A quiet pup

After you know why your dog is barking, you can implement strategies to quiet them. Some solutions might include:

  • Apply translucent window clings so your dog can’t look out.

  • Block access to windows.

  • Give your dog a long-lasting, safe chew for entertainment.

  • Stock your house with toys your dog likes.

  • Give your dog daily mental and physical exercise to wear them out a bit. Mental stimulation, like a little training (sit-stand-down-sit-stand-down) often tires dogs out quickly.

  • Implement micro-training sessions into bathroom breaks. Any time you get up from your desk or the couch, have your dog practice a trick or behavior that they know.

  • Give your dog calm praise or rewards when they are resting quietly.

  • Play music or leave the television on to mask outdoor noises.

  • For multiple-dog households, separate the dogs during the day if their play tends to get vocal.

  • Rotate which dog is in the yard, if they egg each other on.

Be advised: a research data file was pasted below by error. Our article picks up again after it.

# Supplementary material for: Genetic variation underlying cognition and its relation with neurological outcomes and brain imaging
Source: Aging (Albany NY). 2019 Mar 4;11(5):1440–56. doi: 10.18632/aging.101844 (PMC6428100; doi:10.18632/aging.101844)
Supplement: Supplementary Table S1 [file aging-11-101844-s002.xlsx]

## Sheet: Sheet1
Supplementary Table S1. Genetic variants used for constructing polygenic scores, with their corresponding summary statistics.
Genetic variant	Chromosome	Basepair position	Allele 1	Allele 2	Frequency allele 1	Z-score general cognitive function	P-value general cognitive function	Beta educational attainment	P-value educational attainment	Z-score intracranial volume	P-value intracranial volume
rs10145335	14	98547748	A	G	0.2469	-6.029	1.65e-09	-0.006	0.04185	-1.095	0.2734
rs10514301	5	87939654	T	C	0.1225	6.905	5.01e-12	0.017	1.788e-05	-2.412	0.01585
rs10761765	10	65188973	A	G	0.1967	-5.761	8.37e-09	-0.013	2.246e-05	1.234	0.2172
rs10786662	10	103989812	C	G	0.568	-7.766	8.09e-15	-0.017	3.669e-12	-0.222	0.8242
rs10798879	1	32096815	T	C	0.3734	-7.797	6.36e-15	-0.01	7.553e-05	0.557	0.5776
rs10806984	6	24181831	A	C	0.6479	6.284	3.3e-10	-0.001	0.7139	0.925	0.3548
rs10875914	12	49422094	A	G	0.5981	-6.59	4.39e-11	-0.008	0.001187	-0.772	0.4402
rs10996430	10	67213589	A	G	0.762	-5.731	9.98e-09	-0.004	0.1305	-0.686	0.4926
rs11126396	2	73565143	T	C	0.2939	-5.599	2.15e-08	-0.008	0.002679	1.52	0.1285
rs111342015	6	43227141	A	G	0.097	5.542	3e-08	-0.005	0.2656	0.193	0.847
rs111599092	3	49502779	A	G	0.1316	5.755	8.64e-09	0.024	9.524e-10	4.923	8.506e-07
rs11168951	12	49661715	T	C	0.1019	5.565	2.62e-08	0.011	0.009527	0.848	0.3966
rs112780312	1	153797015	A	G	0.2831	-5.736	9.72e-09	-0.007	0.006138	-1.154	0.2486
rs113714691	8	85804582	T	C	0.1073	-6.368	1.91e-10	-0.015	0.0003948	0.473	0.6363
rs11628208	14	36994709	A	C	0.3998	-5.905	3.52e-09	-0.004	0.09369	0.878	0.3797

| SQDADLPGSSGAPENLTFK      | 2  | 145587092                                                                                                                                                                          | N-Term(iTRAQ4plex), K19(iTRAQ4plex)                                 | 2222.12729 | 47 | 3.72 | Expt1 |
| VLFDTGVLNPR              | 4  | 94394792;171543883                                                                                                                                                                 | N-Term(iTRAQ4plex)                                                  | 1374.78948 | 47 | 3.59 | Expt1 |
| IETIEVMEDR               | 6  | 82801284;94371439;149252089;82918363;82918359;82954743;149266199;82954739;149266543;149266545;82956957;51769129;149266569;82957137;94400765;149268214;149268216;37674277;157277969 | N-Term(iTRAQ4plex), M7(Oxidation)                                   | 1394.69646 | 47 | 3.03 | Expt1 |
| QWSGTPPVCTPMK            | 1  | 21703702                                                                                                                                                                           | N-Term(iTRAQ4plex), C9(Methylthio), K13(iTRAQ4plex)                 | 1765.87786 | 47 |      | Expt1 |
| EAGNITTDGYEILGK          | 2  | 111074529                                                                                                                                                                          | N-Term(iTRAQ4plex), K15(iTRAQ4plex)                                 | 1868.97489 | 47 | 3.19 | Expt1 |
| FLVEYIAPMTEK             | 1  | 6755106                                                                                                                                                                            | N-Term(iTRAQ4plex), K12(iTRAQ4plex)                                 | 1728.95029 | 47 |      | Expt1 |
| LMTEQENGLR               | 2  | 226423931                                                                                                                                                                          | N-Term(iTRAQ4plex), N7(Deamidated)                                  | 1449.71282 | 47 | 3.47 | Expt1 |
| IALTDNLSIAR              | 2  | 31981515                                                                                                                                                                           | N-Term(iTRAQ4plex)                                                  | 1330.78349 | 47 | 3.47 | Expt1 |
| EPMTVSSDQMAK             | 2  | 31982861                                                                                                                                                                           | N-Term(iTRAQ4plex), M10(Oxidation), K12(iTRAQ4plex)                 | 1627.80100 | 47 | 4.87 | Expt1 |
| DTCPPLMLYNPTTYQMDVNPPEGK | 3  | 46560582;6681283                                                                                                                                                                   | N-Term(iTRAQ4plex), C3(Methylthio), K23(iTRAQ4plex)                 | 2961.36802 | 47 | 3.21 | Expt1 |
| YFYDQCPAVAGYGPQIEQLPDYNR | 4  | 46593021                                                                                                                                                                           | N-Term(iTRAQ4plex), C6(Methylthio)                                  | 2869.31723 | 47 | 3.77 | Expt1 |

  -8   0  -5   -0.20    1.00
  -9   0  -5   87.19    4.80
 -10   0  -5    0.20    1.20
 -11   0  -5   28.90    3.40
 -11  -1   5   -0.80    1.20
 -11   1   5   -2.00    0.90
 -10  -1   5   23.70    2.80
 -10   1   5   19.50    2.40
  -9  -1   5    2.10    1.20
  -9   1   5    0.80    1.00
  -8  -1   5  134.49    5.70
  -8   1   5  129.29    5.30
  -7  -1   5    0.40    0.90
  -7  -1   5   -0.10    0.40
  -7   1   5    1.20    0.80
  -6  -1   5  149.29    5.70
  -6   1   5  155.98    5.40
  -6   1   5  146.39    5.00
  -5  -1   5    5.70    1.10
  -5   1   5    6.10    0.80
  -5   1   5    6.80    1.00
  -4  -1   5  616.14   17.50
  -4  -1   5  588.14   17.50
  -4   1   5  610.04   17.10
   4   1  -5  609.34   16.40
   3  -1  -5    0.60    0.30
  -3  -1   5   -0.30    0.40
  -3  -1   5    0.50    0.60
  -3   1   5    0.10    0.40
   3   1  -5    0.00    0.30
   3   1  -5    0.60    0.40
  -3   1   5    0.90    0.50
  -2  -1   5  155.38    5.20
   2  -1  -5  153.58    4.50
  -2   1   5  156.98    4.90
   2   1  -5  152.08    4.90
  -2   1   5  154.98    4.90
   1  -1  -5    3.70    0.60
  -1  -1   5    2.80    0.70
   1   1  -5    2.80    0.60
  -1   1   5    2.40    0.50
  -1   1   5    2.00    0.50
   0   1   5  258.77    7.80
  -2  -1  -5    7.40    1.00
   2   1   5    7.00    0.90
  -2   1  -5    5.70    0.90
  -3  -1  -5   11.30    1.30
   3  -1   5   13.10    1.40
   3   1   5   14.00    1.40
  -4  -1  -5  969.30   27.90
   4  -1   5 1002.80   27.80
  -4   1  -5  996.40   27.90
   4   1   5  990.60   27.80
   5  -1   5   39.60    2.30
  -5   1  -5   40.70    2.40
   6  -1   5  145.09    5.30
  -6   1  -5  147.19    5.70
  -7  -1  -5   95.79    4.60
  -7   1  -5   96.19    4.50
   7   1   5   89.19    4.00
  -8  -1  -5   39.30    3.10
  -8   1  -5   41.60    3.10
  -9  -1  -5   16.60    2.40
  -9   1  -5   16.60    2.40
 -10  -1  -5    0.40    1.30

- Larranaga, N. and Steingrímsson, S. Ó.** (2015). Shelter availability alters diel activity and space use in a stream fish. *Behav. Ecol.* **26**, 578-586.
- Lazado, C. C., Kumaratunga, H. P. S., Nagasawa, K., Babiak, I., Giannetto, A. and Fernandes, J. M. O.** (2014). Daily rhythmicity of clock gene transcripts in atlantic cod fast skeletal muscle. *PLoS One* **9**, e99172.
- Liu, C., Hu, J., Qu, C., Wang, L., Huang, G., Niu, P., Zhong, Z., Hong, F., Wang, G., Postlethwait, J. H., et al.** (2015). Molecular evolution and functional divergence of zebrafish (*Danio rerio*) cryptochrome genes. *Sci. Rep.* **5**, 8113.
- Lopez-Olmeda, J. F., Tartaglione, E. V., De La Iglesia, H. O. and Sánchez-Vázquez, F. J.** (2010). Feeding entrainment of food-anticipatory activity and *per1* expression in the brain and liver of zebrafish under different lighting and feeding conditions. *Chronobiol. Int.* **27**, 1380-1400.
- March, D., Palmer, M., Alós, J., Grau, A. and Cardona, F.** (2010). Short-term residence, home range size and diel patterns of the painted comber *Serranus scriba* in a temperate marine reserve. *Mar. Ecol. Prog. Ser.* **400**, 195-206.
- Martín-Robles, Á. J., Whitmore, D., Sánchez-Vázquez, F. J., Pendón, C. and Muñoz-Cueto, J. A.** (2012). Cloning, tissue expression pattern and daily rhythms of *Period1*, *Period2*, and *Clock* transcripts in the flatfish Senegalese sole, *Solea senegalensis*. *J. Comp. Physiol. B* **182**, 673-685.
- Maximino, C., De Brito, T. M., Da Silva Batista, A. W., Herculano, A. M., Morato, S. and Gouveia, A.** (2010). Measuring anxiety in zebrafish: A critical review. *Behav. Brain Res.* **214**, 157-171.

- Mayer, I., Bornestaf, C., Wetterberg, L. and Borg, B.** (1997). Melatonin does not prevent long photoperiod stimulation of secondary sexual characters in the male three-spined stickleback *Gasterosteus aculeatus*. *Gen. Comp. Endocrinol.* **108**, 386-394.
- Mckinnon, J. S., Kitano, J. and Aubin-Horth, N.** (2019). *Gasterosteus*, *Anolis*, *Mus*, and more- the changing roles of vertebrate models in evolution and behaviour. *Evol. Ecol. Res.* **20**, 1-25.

• Prevent fence-running by either blocking your dog’s view or by only letting them loose in the yard at times when the area is usually calm.

  • Teach your dog to ring a bell to ask to come inside to give them an alternative to barking at the door.

  • Review crate training to make sure your dog is comfortable in their crate.

  • Put your dog in a safe place when company comes over, especially if they are fearful.

  • Teach your dog both to bark on cue (“Speak!”) and to be quiet on cue.

You can also work with a veterinary behaviorist to further address barking caused by fear or aggression.

Remember, barking is a natural canine behavior, so it can take some patience to quiet a noisy hound. But you can decrease barking if you identify the cause and work to address the external and internal (mental and emotional) factors behind it.

This article has been reprinted with permission from the Cornell University College of Veterinary Medicine’s DogWatch newsletter, published by Belvoir Media Group. When you become a member of the Riney Canine Health Center, you will receive a free subscription to DogWatch.